Obituary: A COD box arrives for a product “your recently deceased spouse ordered.” Tell the person you will not accept the product. Most often the messenger is an imposter.
Pigeon Drop: A person says he found some money and offers to share it with you. In order to show he trusts you, he asks you to place the money in an envelope for safekeeping. But he asks you first to place some of your own money in the envelope as a measure of good faith. Then something occurs that distracts you and the envelope of money is switched. The next time you look, the envelope contains only paper.
Product Demonstration: A sales person wants you to sign a paper “for my boss” to prove a new product was described (not sold) to you. The paper signed may be a contract to order the item. Always read every word before signing any form. Sometimes the contract continues on the back of the page. Check the back of each page before signing a contract.
Travel Club: A bargain airfare and/or hotel package is offered at a glamorous site. The offer is only for one person; consequently, prices are very high to add additional accommodations, plus accomodations could be poor quality. Check with a travel agent and read all paperwork before signing anything.
Unknown Callers: A woman and child or two people come to your door asking to enter your house for a favor (restroom, drink, etc.). One person distracts you while the other person steals cash or jewelry. Do NOT let them in. Give the location of the nearest phone, public restroom, etc.
Internet ‘Phishing’ Scams: An e-mail or pop-up message is sent to you from a business, organization, or government agency asking you to update or validate information about your account. The message asks you to respond immediately. Do not open any attachment, reply, or click on links within the message. Be sure to keep anti-virus computer software up to date. You can file a complaint at www.consumer.gov/idtheft at the Federal Trade Commission’s identity theft web site or call toll free 1-877-FTC-HELP.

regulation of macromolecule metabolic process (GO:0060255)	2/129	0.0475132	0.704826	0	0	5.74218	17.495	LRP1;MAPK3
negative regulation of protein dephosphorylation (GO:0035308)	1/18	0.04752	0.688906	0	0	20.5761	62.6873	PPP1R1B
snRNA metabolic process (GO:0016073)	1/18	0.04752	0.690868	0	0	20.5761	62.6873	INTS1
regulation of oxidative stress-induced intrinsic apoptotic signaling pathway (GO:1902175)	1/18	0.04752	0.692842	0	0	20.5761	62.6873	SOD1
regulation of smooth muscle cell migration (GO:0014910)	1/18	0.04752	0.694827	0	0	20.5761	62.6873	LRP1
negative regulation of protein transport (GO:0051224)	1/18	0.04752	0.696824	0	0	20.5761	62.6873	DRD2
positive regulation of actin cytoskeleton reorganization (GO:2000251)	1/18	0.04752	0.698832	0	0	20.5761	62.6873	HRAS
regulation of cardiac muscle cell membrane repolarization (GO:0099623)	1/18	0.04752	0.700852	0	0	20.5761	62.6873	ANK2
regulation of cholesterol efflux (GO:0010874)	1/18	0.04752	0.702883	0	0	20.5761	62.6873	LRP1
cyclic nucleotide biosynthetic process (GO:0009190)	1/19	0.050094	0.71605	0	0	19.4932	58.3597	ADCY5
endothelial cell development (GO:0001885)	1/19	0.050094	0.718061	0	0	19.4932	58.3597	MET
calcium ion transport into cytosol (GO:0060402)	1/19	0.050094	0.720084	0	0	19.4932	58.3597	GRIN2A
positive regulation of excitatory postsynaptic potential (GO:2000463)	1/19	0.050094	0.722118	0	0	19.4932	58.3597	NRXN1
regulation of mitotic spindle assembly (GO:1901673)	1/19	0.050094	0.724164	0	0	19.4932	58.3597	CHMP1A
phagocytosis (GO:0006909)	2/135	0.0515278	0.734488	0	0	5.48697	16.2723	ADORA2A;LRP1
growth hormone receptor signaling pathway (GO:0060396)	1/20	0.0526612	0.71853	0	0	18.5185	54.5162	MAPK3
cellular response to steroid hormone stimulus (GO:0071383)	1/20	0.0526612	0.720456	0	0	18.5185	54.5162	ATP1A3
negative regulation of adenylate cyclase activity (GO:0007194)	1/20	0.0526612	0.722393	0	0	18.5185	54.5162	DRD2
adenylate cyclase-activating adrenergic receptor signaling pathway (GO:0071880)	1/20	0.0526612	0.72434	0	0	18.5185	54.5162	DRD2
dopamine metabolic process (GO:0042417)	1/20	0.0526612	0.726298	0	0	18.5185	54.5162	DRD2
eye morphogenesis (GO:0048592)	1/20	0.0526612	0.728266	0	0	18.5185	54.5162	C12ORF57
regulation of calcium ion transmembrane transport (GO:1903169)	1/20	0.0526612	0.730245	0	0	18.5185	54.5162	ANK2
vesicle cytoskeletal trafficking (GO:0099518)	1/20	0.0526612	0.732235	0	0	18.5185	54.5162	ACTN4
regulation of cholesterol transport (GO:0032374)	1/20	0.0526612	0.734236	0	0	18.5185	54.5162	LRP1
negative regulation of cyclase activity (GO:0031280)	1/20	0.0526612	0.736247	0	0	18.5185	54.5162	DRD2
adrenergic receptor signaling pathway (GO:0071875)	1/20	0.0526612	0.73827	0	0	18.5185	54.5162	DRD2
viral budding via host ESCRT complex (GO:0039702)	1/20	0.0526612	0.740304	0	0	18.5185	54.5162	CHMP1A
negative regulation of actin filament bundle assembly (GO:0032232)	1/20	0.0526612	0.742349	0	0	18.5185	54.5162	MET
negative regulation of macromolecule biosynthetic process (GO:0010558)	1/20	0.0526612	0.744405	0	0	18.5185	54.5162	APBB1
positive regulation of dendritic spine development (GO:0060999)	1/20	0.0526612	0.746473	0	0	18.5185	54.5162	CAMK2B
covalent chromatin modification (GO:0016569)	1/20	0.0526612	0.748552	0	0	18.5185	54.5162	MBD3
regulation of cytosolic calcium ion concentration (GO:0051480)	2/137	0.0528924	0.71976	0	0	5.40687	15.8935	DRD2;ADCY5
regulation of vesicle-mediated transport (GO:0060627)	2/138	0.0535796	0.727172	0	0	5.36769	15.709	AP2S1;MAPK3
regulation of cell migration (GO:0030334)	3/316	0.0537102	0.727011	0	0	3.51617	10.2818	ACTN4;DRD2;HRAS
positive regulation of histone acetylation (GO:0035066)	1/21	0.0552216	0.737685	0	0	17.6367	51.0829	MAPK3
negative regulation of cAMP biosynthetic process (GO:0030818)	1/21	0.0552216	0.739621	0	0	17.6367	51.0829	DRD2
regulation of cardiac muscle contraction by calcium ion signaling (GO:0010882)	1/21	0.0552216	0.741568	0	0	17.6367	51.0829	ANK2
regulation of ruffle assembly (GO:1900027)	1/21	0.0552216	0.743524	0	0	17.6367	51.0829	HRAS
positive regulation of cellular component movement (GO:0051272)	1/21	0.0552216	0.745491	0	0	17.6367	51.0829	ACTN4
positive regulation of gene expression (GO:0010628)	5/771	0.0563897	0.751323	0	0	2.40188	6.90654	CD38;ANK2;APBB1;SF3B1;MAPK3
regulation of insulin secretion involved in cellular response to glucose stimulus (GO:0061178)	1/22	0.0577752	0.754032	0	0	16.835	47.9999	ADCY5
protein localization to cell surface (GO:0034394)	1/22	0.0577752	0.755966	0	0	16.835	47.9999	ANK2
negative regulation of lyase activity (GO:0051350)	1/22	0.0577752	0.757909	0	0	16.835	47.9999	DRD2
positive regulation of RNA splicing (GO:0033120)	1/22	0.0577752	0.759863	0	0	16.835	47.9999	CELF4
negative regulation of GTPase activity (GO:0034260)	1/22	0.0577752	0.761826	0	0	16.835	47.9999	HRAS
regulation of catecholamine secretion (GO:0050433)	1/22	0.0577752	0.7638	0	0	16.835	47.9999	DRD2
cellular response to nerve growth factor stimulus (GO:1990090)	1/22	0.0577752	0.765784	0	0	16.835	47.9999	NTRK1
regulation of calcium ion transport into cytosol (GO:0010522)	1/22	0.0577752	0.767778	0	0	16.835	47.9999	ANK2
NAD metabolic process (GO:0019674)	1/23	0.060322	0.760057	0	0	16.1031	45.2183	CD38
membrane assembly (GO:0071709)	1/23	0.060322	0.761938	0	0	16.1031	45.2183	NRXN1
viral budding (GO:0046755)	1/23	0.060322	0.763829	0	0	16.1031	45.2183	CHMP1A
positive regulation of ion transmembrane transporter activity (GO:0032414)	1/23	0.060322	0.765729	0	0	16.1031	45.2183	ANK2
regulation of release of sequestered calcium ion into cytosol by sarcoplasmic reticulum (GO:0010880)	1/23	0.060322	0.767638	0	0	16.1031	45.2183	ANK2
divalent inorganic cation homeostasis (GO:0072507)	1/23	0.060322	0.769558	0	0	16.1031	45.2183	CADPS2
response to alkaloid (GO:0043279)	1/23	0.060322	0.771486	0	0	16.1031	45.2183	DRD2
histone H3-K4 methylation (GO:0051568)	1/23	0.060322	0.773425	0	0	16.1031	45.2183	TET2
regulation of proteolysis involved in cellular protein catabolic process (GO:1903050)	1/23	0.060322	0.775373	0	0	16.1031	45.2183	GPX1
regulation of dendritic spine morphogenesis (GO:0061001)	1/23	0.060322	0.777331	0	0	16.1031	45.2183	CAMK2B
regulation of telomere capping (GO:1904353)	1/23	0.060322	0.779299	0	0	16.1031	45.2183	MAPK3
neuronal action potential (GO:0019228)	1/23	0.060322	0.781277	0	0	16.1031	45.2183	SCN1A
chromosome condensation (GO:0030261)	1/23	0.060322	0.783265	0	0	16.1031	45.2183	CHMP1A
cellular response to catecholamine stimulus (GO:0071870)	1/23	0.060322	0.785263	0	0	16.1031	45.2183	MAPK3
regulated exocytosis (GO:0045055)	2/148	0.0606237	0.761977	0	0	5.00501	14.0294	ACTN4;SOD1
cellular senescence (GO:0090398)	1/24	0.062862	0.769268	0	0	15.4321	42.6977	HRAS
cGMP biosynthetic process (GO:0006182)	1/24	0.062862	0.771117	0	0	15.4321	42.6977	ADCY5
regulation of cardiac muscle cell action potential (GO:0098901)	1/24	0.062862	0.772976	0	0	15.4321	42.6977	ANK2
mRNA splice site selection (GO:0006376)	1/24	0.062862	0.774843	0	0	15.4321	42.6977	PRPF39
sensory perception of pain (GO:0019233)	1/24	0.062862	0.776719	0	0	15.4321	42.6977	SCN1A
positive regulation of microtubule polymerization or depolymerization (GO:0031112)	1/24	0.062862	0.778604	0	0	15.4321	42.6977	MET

Nigerian Letter/e-mail: A letter or e-mail asks for help to transfer money out of Nigeria or another country through an overseas bank account. There is a promise of large sums of money if you help. The request may ask for your bank and account number or other personal information. Never reply or respond to such requests.
- Always take time to read contracts and verify the legitimacy of companies and individuals.
- Talk to a trusted friend or relative before you make a decision.
- Beware of an offer that is only good if you respond right away.
- Avoid impulses to donate, repair, or purchase items.
- Do not give Social Security, bank, or charge account numbers to others. Being asked for personal information does not mean you have to share it.
- Keep door-to-door salespersons or unknown callers outside of your home.
- Think before you respond. Protect yourself.
If you become a victim of a con game, report it. Do not be afraid or embarrassed, because you are not the first person to fall victim to a scam. The people carrying out scams are professionals at what they do and practice their schemes in all parts of the country. It can happen to you. Remember, if something sounds too good to be true, it probably is.
Be sure to watch the Academy Award winning movie, "The Sting" for a great con game.